This is a simple fact! Free Public Transport (FPT) has no possible justification whatsoever unless your governing officials are willing to do something about adjusting the other half of the modal mix to bring down car ownership and use in the city strategically and as quickly as possible . . . SCR – Systematic Car Reductions.
The tools for achieving these necessary adjustments in the modal split are well known, experience-proven and widely used in cities of all sizes in many parts of the world. There is no possible justification that competent public authorities not be aware of these proven tools and policies. They include most notably:
- Strategic parking policy/control/reductions
- Speed reductions throughout the city and on incoming roads (15/30/50 kph)
- Systematic reallocation of street space presently available to cars, by a policy of converting streets space to more efficient users
- Public transit priority
- Road user charges for cars entering built-up areas
- Increased taxes and other charges for car ownership/use in city
- Properly funded, consistent, strategic programs for strong increases in car sharing and ridesharing programs.
- Incentives for car free housing and local commerce
- Changes of the law through local ordinances or other along the lines of the Belgian Code de la Route which put much greater responsibility in the event of accidents on car drivers
- Greater vigilance and systematic enforcement by the police
- Stricter enforcement of the law for driving infractions in the courts
- Tougher and more frequent exams of drivers to ensure they are really capable of handing their car safely and efficiently in a tough multi-modal, multi-speed 21st century urban driving environment
- And never never never build new or expand existing infrastructure to permit greater throughput or higher speeds for private cars.
And of course that is not the end of it. Any FPT project also needs to be reinforced by a carefully thought out program of incentives and improvements for non-motorized transport in all its many forms. Positive incentives such as Park+Ride, carsharing of course, ridesharing, and the full range of affordable new mobility services.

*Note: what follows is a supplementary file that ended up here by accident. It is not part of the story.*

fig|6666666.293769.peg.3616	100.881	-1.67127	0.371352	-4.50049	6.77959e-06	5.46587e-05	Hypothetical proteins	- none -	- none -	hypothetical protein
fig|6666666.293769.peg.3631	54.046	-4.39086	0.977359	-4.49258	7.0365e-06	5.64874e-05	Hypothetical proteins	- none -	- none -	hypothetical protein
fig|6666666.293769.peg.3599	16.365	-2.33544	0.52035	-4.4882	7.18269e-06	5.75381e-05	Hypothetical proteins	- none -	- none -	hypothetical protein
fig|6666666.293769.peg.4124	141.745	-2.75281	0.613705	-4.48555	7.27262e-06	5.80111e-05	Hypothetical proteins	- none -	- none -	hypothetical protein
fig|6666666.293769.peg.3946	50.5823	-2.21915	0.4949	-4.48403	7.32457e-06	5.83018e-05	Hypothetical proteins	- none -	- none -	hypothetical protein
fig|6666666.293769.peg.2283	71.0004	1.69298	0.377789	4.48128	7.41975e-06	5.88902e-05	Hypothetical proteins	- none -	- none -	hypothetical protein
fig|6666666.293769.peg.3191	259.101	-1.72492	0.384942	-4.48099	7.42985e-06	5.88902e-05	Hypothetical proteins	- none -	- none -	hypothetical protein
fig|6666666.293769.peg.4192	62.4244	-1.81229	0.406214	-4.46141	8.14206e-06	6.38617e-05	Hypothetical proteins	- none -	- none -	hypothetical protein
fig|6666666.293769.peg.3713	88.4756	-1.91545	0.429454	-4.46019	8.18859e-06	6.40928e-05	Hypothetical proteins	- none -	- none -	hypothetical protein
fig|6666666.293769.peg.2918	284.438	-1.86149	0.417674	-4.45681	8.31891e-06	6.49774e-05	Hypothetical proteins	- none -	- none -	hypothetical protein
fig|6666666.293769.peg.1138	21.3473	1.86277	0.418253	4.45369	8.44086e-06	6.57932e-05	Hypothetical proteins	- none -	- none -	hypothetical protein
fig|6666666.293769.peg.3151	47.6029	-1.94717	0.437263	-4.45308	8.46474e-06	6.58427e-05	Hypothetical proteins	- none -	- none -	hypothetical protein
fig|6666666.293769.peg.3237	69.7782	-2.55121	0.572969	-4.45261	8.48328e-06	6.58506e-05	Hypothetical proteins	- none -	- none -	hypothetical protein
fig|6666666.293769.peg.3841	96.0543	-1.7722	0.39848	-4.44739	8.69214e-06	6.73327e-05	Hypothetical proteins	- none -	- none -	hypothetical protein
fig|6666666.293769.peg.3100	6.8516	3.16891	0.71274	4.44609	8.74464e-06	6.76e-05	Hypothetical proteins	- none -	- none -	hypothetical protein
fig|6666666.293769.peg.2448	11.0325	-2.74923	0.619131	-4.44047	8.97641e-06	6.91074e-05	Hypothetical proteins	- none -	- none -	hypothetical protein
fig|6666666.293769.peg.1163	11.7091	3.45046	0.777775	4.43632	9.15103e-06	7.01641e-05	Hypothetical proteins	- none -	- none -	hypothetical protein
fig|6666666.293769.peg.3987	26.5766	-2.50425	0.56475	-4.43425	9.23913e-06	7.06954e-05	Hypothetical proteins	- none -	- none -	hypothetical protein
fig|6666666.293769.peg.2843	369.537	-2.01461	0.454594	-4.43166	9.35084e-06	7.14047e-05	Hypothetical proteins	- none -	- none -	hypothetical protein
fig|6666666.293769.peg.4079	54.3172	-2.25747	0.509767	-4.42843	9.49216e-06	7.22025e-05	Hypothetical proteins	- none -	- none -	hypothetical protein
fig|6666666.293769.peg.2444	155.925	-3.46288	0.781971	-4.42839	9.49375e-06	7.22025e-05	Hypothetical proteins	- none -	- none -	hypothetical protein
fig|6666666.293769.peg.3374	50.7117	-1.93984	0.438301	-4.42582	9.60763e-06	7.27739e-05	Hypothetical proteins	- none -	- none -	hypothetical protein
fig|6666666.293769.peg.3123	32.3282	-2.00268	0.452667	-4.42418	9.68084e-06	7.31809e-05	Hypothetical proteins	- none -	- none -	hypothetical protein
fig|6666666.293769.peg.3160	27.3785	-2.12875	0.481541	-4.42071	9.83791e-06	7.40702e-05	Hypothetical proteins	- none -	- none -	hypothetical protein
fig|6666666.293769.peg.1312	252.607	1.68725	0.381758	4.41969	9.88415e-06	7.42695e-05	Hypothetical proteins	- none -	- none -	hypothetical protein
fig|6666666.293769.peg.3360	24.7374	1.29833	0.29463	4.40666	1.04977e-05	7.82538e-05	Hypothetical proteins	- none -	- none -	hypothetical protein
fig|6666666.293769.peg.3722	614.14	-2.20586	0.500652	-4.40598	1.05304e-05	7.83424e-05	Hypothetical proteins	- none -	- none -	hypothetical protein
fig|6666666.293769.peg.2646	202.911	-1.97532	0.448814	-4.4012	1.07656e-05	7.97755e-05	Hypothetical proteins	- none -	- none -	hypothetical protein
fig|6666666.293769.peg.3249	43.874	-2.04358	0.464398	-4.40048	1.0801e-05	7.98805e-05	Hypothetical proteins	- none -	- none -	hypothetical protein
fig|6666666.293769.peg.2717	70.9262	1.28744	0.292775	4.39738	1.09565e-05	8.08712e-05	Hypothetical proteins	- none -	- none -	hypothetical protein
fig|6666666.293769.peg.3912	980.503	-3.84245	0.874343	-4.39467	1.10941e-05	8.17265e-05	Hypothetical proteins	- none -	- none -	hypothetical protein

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Look friends, this is not complicated. If a given city wishes to implement FPT, no problem — but they have to do their homework first. To be responsible to their city they must first study carefully all of the above, and adapt and adopt at least five of these measures in parallel with bringing their eventual, carefully thought-out FPT project on line.
But even before that, what is needed from them and from the beginning is a clear public statement of the specific goals they wish to achieve by this measure, followed by an open society discussion of the efficiency of the proposed FPT solution in each case — as well as looking at yet other goals and measures that may do a better job than the proposed FPT solution.
And if they don’t?
What can we say? If they do not take on this challenge n all its related parts in your city we would say it is safe to assume that they are not serious people. And we can only hope that the voters are keeping a close eye on them so that in the next election they can be tossed out on their ears in the hope that wiser counsel and decisions will follow.
David Hembrow writes on this date from the Netherlands: There can’t be many ideas so utterly wrong-headed as proposing that a form of transport which consumes energy and creates pollution ought to be “free”.
Sicnarf Nottirb pens from Paris Tennessee: Free Public Transport, Free Parking (of course), Free Roads, Free Speed Limits and as close to Free Gas as you can make it. That’s what makes America great!
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But don’t stop there
Most consulted World Streets articles on FPT since 2009 (And not over yet!):
9, rue Gabillot, 69003 Lyon France
Bio: Trained as a development economist, Eric Britton is a student, teacher, activist and a "public entrepreneur" specializing in the field of sustainability and social justice. Professor of Sustainable Development, Economy and Democracy at the Institut Supérieur de Gestion (Paris), he is also MD of EcoPlan International, an independent advisory network providing strategic counsel for government and business on policy and decision issues involving complex systems, social-technical change and sustainable development. Founding editor of World Streets and the Journal of World Transport Policy & Practice, his latest work focuses on the subject of equity, economy and efficiency in city transport and public space, and helping governments to ask the right questions and in the process find practical solutions to urgent climate, mobility, life quality and job creation issues. More at: http://wp.me/PsKUY-2p7